The Welches have taken in seven children from the neighborhood, raising them as their own. That’s what’s happening on one side of the Friendship House.
The other side is open to anyone in the neighborhood who needs it – and those who show up the most are teens. Emmitt and Sharpel Welch run a youth club, but it’s hardly your average after-school program.
Sharpel Welch leads a meeting of her Friendship House’s youth club.
“We spent time going to the local judicial system, getting kids out of handcuffs,” said Emmitt. “We’re going to parent meetings. We’re going to see the principal, to put ’em back in school after suspension. We were just doing a lot of work.”
That kind of help is often rejected, but not when it comes from inside the community. That’s what made the difference for Lakyra Burks, who said, “We care about our community, we care about our neighbors. And if we didn’t have those things, who would we lean on?”
Tierney Turner, whose father was killed when she was two, has watched the stability the Welches have brought become infectious. “The whole inside of my life got changed,” Turner said. “Introduced me to the world and what I can do better, to not have that situation happen to me, or my future husband or my family.”
Since Community Renewal moved in, crime has moved out – it’s dropped by more than half in Allendale. Graduation rates are up, and so is home ownership.
Skeptical? So is everybody.
Cowan said, “Some people watching this are gonna say, ‘It’s just too simple.'”
“Just another ‘fluffy program,’ yeah,” Sharpel said.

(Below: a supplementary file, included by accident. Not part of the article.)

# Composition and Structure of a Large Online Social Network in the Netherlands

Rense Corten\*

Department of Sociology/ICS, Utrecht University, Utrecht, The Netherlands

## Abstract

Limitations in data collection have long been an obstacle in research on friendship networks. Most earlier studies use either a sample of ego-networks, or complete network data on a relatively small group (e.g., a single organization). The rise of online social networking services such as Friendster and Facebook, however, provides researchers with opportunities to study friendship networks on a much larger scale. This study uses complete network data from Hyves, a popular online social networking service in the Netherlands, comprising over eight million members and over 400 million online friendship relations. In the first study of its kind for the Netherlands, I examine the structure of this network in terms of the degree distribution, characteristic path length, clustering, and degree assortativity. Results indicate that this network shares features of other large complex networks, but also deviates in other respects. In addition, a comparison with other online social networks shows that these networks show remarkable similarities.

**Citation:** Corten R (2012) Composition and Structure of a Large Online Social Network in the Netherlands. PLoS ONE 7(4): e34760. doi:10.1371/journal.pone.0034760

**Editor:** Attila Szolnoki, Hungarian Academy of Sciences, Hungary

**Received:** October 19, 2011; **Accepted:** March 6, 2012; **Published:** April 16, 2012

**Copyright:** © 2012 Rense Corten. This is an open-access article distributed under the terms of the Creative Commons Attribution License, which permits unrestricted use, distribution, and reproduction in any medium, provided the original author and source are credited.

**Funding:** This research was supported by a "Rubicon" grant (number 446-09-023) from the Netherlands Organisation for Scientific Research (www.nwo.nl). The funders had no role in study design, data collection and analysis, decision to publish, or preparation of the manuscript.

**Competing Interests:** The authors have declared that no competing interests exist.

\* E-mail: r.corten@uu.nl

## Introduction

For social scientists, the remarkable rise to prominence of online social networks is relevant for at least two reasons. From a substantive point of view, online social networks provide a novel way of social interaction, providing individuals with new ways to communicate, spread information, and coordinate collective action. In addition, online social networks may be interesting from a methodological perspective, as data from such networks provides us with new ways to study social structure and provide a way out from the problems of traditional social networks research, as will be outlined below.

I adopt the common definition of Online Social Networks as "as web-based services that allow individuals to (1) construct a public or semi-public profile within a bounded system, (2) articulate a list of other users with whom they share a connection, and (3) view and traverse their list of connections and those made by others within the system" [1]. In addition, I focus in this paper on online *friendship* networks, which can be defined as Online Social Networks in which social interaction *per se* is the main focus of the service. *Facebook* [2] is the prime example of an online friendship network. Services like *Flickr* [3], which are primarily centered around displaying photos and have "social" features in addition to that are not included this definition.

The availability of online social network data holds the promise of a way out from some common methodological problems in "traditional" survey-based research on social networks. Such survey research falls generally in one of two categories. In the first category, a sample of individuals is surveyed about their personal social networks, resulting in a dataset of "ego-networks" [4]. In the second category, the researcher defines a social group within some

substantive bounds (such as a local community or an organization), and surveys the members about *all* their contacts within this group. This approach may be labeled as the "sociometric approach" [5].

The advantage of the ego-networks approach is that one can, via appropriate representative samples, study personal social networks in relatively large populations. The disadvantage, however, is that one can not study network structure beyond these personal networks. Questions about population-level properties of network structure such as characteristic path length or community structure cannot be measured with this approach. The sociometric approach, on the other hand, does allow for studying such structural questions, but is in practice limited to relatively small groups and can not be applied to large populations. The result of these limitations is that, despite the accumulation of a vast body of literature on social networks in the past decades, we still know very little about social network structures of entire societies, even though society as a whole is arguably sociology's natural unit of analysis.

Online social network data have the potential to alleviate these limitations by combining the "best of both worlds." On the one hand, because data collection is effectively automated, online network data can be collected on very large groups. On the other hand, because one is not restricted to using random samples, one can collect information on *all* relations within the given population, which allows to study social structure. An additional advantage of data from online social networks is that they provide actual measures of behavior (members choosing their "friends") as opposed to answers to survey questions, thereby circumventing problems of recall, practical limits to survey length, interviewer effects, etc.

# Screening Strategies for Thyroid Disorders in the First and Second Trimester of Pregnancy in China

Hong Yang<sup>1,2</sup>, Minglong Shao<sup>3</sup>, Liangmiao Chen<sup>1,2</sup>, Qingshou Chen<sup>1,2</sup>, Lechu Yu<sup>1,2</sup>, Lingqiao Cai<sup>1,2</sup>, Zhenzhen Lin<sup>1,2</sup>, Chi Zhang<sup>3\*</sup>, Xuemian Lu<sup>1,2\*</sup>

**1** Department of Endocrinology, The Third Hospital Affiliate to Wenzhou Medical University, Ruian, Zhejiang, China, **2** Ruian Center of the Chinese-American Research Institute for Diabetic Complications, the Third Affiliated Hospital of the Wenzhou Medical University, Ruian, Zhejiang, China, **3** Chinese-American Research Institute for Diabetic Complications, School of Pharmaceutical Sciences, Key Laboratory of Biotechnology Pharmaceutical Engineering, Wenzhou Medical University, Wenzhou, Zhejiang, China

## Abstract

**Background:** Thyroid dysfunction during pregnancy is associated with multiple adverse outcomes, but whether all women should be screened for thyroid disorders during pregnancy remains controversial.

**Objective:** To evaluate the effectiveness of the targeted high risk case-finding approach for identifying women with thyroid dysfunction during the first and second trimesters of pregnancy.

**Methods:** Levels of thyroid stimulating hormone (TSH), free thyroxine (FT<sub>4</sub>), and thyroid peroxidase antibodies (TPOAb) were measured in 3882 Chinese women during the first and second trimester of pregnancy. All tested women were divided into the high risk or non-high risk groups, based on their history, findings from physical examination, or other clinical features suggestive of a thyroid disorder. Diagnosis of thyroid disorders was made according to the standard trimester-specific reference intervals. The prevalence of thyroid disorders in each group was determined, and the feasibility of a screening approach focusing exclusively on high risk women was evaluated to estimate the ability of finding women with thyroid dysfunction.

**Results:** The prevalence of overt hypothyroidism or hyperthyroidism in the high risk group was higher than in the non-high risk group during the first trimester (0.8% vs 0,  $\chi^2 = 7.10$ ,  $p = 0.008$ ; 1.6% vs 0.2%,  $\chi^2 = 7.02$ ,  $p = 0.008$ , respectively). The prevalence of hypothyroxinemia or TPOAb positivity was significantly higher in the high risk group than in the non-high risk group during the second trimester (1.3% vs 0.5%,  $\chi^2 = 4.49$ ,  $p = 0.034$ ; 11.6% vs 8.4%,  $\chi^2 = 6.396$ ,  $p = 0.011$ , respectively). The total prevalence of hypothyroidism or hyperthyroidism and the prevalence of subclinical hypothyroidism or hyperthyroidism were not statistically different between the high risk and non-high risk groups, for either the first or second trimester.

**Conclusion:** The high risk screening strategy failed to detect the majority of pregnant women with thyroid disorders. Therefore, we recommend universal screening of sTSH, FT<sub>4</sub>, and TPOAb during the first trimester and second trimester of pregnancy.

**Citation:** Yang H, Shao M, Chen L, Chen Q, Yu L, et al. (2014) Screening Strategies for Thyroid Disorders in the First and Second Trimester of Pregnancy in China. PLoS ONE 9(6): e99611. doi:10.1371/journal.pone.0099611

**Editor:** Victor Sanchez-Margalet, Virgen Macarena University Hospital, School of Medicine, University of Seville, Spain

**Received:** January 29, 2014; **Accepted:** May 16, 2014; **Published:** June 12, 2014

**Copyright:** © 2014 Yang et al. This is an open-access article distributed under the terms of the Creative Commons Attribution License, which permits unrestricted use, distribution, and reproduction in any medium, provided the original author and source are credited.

“Not even fluffy. It’s gotta be more …”
“Be more to it, yeah!” she laughed.
Emmitt said, “And to those people, I dare them to try it.”
“I get the cynical people,” Sharpel said. “I will challenge them, and I have done it. Get to know everybody on your street. First name, last name, something about them that you didn’t know before.”
McCarter has expanded the program into some of Shreveport’s wealthiest neighborhoods. “Human beings have faults and problems and heartaches, whether you’re rich or poor,” he said.
Paige Hoffpauir lives in a community where stately homes line a private golf course. “It might look good, but that doesn’t mean it is good,” she said.
She’s not comparing her problems with anyone’s, but she did realize that sometimes the only thing residents in this gated community had in common was the gate. “It’s painful to live on a street, and not know your neighbor,” she said.
Isolation can be a real thing, even in a crowded sub-division. Her block parties look a little different than the one in Allendale, but many of the same people were there, and were there for the same reason.
“‘Random acts of kindness,’ that’s a great bumper sticker; it will not stop the disintegration of community,” Mack McCarter said. “It has to be intentional acts of connected caring.”
McCarter is no pushover; he gets the idea is pretty hard to grasp. But he believes to his core that caring can not only be cathartic, it might just change the world.
He said, “Lee, I am living for the hope that one day, one day in the human race, some child is gonna say, ‘What’s hate?’ And I’m living for that day.”
Story produced by Dustin Stephens. Editor: Carol Ross.